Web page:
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Forum topic by nakmuay posted 09-12-2014 03:08 PM 1364 views 0 times favorited 30 replies Add to Favorites Watch
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nakmuay

18 posts in 818 days


09-12-2014 03:08 PM

Topic tags/keywords: new workshop

Hi guys, sorry if this topic has been done before but my attempts at searching for something along the same lines failed badly.

I have a back ground in aircraft structures, but I’ve always wanted to be a bit more creative so i’ve finally saved enough money to set up a small furniture making workshop. Having a back ground in metal rather than wood, so I was wondering where I should spent some money for the high end tools, and where I could cut corners on the lower end brand tools.

My research points towards table saws and planes as 100% worth the high end price, but what about things like routers and bits, miter saws, chisels, jointers, etc.
Thanks guys


30 replies so far

View JAAune's profile

JAAune

1643 posts in 1781 days


#1 posted 09-12-2014 03:22 PM

It depends a good deal the sort of furniture you intend to make. Perhaps you might want to find some pictures on the internet of what you intend to do now and what you want to do in the future? Some types of work require specialized tools that are hard to find used and if that’s the case, you’ll want to put the money there.

-- See my work at http://remmertstudios.com and http://altaredesign.com

View nicksmurf111's profile

nicksmurf111

361 posts in 915 days


#2 posted 09-12-2014 03:41 PM

I’m buying all good tools used (at least what’s appropriate/available). I wouldn’t consider buying “lower end”. I don’t own anything with the name Ryobi on it and only buy Craftsman if it’s at least 40-50 years old. Take the money saved on buying used tools and buy even more stuff. I’m kind of wonder what kind of budget you have. A lot of folks come around here and only want to spend a few hundred. I myself am not sitting on a lump of cash, but I just have a large monthly budget that goes toward tools.

I guess it depends if you want to be a production shop or just a hobby shop. The equipment comes in all sizes. What I may consider a “good” contractor saw, may only fit in a hobby show, or as a spare machine in a production shop.

I think when it comes to table saws (excluding the SawStop technology), you aren’t going to find anything better new today than you would if you purchased a $300 50 year old Unisaw off the back of someone’s truck, or even a Powermatic. Also note, the new Taiwanese and Chinese brands are knocking out some good products. I know someone who owns a brand name and orders equipment from time-to-time and the stuff he has in stock is great…and looks just like everyone’s else’s because it comes out of the same factory.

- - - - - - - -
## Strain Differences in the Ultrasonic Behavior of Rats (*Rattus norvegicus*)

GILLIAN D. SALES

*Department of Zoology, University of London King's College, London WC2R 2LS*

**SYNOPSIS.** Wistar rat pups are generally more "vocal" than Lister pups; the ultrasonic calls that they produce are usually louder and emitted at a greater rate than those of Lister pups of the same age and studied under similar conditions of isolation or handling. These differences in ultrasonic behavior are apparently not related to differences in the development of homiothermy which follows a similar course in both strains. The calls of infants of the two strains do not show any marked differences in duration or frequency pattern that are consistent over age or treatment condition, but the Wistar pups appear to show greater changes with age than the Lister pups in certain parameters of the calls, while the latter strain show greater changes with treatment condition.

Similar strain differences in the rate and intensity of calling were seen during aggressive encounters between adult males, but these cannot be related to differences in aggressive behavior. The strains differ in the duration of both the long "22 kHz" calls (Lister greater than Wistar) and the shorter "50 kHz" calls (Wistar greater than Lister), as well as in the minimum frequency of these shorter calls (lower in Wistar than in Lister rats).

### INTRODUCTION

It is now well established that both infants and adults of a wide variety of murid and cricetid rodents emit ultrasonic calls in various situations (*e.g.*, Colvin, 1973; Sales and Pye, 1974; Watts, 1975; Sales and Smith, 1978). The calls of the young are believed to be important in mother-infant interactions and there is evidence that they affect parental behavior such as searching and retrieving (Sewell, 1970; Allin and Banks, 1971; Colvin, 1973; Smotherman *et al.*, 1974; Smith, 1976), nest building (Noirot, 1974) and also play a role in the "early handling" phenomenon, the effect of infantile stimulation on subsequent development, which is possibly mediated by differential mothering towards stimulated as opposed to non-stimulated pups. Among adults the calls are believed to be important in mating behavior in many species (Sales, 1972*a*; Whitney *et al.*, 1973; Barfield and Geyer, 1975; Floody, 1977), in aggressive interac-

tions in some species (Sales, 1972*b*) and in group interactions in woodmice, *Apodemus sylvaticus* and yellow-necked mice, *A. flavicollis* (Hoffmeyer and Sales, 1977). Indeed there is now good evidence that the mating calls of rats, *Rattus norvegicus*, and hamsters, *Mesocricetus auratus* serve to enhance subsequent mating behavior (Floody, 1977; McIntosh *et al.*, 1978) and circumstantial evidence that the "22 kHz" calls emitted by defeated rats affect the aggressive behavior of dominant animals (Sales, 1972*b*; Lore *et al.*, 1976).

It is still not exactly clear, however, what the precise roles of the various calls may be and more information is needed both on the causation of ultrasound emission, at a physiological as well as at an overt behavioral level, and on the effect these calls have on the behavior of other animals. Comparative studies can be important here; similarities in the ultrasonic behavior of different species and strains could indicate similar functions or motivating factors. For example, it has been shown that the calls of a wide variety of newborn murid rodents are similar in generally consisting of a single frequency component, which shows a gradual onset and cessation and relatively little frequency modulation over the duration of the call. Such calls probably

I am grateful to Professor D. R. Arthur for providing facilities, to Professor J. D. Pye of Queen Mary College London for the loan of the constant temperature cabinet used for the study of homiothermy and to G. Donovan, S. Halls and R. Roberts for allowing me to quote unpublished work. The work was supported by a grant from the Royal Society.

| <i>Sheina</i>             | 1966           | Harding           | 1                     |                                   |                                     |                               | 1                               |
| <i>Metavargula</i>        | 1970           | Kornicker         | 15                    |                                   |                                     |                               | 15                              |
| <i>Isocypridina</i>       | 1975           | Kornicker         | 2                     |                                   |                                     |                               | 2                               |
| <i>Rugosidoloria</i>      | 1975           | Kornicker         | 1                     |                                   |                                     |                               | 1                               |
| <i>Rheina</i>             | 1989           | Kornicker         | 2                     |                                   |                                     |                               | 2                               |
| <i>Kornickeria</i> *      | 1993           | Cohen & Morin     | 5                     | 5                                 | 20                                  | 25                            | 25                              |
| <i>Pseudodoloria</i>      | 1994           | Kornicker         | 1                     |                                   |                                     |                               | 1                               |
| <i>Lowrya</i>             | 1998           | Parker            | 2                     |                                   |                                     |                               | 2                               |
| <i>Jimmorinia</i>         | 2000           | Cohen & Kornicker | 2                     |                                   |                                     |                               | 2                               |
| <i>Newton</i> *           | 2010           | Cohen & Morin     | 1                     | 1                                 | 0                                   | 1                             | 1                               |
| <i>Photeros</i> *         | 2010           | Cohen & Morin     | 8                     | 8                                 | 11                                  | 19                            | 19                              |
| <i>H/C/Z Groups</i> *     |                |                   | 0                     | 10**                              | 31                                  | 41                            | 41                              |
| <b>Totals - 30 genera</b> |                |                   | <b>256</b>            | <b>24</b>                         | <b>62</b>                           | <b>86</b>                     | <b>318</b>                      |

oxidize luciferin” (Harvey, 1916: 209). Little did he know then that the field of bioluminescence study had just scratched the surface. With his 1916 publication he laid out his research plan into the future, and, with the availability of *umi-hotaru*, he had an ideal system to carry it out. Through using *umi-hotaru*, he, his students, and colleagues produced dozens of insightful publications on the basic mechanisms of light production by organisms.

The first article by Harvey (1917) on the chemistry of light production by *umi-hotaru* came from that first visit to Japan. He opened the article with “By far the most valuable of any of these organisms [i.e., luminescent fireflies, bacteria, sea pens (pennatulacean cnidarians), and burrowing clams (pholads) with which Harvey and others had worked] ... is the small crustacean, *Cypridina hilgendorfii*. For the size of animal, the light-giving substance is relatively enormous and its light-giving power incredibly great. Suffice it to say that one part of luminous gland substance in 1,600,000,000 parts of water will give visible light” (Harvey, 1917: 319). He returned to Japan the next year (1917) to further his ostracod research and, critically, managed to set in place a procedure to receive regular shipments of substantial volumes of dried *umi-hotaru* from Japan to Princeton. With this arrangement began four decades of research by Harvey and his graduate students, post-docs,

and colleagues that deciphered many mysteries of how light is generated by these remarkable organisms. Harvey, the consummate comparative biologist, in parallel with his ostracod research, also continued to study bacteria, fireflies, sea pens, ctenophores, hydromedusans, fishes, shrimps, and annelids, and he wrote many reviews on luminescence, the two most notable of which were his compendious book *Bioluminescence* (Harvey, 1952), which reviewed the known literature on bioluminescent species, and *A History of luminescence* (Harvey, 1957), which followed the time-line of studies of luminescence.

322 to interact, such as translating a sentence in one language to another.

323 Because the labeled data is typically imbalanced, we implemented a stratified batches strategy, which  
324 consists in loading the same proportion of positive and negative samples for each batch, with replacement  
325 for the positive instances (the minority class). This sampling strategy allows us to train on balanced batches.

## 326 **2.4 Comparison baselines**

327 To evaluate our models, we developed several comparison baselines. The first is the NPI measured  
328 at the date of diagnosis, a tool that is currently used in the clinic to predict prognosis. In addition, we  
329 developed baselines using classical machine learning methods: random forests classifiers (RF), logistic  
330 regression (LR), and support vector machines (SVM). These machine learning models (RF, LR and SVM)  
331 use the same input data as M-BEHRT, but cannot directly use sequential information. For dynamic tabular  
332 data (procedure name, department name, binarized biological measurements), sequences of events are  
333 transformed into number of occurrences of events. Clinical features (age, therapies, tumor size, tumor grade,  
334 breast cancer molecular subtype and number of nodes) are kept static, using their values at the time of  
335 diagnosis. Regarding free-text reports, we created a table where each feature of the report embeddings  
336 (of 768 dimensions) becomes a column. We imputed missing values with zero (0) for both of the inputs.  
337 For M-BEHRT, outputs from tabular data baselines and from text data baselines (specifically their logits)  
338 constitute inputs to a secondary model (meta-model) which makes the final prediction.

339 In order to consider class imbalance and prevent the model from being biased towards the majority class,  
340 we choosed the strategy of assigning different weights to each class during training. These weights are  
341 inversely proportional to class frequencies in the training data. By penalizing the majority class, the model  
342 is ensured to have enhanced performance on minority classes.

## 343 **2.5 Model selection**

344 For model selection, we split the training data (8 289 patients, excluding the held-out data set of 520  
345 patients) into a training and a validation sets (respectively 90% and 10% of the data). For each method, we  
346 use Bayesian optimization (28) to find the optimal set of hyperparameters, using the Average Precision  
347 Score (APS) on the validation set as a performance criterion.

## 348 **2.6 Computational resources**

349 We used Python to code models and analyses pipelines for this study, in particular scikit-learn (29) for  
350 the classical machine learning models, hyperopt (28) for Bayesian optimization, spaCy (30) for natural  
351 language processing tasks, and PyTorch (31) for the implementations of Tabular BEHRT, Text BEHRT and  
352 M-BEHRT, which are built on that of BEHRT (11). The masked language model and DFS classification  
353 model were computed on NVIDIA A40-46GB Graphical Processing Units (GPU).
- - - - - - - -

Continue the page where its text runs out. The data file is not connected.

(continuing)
-- Nicholas

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TheWoodenOyster

1275 posts in 1400 days


#3 posted 09-12-2014 03:52 PM

Welcome to the fun. That is a really broad topic, but I’ll try to keep things brief.

First off, I always advise people to buy their large power tools (jointer, tablesaw, planer, bandsaw, etc.) used for the best bang for the buck. There is absolutely nothing wrong with buying new, but you can save some bucks and get some good old quality machinery if you hang around craigslist for a while. If you want to read it, here is a blog I wrote on the topic – Why I buy used power tools. This goes for many used hand tools as well such as chisels and especially handplanes of all sorts. Buying new will save you some hassle, but used will save you money. In the end it is up to you when it comes to how to approach it.

As far as where you can cut corners… that is a tough question to answer. Basically, you get what you pay for. There are some really junky tools that simply suck. Those are never worth it. There are a lot of midrange tools that can be made to do a lot of good quality work and are relatively price friendly. Then, there are great tools that make woodworking expensive, fun, easy, and give you excellent results, oh and expensive. Did I mention expensive? But some of those awesome tools are worth it.

I’ll give you a breakdown of my shop and how I would rate the tools. 1 being junky and cheap with bad results, 10 being amazing with stellar results and on the pricier side. This is really unscientific, but here it goes.